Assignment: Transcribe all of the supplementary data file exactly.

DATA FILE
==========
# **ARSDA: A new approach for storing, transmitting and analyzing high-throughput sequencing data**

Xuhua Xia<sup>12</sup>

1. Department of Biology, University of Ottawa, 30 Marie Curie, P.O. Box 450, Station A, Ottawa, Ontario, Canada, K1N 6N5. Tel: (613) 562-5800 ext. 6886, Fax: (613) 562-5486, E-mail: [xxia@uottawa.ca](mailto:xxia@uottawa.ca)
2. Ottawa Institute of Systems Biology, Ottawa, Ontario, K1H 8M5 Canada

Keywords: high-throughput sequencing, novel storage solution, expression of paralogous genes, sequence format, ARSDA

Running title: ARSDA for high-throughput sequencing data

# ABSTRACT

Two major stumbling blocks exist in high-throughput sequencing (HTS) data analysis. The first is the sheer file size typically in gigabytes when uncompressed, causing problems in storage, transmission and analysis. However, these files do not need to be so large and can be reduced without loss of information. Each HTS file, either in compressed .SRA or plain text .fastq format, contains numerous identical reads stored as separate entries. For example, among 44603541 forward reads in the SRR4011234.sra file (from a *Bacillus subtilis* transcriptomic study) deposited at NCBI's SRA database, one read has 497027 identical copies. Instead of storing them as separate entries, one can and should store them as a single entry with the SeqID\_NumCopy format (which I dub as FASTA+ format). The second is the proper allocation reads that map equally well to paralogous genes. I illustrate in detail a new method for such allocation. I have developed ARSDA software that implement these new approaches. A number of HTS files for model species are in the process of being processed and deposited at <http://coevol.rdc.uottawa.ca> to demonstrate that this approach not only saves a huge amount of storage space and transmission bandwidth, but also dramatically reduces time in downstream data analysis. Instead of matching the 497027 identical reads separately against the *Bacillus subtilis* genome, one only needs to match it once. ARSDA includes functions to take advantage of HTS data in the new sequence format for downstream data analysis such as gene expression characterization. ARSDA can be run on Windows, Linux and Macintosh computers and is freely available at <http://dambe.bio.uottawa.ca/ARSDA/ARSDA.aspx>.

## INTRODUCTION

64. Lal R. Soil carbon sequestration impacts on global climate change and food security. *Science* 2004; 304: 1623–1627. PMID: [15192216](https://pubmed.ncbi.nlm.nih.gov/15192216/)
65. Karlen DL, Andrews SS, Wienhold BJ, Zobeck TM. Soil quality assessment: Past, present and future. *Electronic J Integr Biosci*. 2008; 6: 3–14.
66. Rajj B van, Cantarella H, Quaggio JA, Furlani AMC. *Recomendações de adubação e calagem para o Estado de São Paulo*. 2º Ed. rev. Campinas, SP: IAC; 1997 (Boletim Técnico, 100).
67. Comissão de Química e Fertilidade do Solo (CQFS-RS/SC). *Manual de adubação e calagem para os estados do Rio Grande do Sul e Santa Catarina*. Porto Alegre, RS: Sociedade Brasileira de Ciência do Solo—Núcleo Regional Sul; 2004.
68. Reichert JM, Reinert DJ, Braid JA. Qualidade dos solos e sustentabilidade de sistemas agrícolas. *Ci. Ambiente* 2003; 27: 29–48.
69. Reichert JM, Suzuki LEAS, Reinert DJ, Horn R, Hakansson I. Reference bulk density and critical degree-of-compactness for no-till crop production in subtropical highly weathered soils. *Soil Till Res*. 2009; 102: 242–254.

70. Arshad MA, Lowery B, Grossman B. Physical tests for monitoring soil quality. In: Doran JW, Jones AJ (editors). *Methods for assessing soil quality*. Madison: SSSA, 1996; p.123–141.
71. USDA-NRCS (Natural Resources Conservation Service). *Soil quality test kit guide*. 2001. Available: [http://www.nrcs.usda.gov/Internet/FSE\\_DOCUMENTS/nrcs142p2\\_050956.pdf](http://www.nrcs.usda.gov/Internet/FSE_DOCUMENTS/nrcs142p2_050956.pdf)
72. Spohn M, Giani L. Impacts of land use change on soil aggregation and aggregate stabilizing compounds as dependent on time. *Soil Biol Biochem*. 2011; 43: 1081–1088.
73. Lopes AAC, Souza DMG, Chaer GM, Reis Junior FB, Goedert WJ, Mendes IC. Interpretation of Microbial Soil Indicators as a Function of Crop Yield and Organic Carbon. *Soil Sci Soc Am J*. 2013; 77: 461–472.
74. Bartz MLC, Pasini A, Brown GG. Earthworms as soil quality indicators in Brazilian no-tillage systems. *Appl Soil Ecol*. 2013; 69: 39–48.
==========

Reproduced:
# **ARSDA: A new approach for storing, transmitting and analyzing high-throughput sequencing data**

Xuhua Xia<sup>12</sup>

1. Department of Biology, University of Ottawa, 30 Marie Curie, P.O. Box 450, Station A, Ottawa, Ontario, Canada, K1N 6N5. Tel: (613) 562-5800 ext. 6886, Fax: (613) 562-5486, E-mail: [xxia@uottawa.ca](mailto:xxia@uottawa.ca)
2. Ottawa Institute of Systems Biology, Ottawa, Ontario, K1H 8M5 Canada

Keywords: high-throughput sequencing, novel storage solution, expression of paralogous genes, sequence format, ARSDA

Running title: ARSDA for high-throughput sequencing data

# ABSTRACT

Two major stumbling blocks exist in high-throughput sequencing (HTS) data analysis. The first is the sheer file size typically in gigabytes when uncompressed, causing problems in storage, transmission and analysis. However, these files do not need to be so large and can be reduced without loss of information. Each HTS file, either in compressed .SRA or plain text .fastq format, contains numerous identical reads stored as separate entries. For example, among 44603541 forward reads in the SRR4011234.sra file (from a *Bacillus subtilis* transcriptomic study) deposited at NCBI's SRA database, one read has 497027 identical copies. Instead of storing them as separate entries, one can and should store them as a single entry with the SeqID\_NumCopy format (which I dub as FASTA+ format). The second is the proper allocation reads that map equally well to paralogous genes. I illustrate in detail a new method for such allocation. I have developed ARSDA software that implement these new approaches. A number of HTS files for model species are in the process of being processed and deposited at <http://coevol.rdc.uottawa.ca> to demonstrate that this approach not only saves a huge amount of storage space and transmission bandwidth, but also dramatically reduces time in downstream data analysis. Instead of matching the 497027 identical reads separately against the *Bacillus subtilis* genome, one only needs to match it once. ARSDA includes functions to take advantage of HTS data in the new sequence format for downstream data analysis such as gene expression characterization. ARSDA can be run on Windows, Linux and Macintosh computers and is freely available at <http://dambe.bio.uottawa.ca/ARSDA/ARSDA.aspx>.

## INTRODUCTION

64. Lal R. Soil carbon sequestration impacts on global climate change and food security. *Science* 2004; 304: 1623–1627. PMID: [15192216](https://pubmed.ncbi.nlm.nih.gov/15192216/)
65. Karlen DL, Andrews SS, Wienhold BJ, Zobeck TM. Soil quality assessment: Past, present and future. *Electronic J Integr Biosci*. 2008; 6: 3–14.
66. Rajj B van, Cantarella H, Quaggio JA, Furlani AMC. *Recomendações de adubação e calagem para o Estado de São Paulo*. 2º Ed. rev. Campinas, SP: IAC; 1997 (Boletim Técnico, 100).
67. Comissão de Química e Fertilidade do Solo (CQFS-RS/SC). *Manual de adubação e calagem para os estados do Rio Grande do Sul e Santa Catarina*. Porto Alegre, RS: Sociedade Brasileira de Ciência do Solo—Núcleo Regional Sul; 2004.
68. Reichert JM, Reinert DJ, Braid JA. Qualidade dos solos e sustentabilidade de sistemas agrícolas. *Ci. Ambiente* 2003; 27: 29–48.
69. Reichert JM, Suzuki LEAS, Reinert DJ, Horn R, Hakansson I. Reference bulk density and critical degree-of-compactness for no-till crop production in subtropical highly weathered soils. *Soil Till Res*. 2009; 102: 242–254.

70. Arshad MA, Lowery B, Grossman B. Physical tests for monitoring soil quality. In: Doran JW, Jones AJ (editors). *Methods for assessing soil quality*. Madison: SSSA, 1996; p.123–141.
71. USDA-NRCS (Natural Resources Conservation Service). *Soil quality test kit guide*. 2001. Available: [http://www.nrcs.usda.gov/Internet/FSE\\_DOCUMENTS/nrcs142p2\\_050956.pdf](http://www.nrcs.usda.gov/Internet/FSE_DOCUMENTS/nrcs142p2_050956.pdf)
72. Spohn M, Giani L. Impacts of land use change on soil aggregation and aggregate stabilizing compounds as dependent on time. *Soil Biol Biochem*. 2011; 43: 1081–1088.
73. Lopes AAC, Souza DMG, Chaer GM, Reis Junior FB, Goedert WJ, Mendes IC. Interpretation of Microbial Soil Indicators as a Function of Crop Yield and Organic Carbon. *Soil Sci Soc Am J*. 2013; 77: 461–472.
74. Bartz MLC, Pasini A, Brown GG. Earthworms as soil quality indicators in Brazilian no-tillage systems. *Appl Soil Ecol*. 2013; 69: 39–48.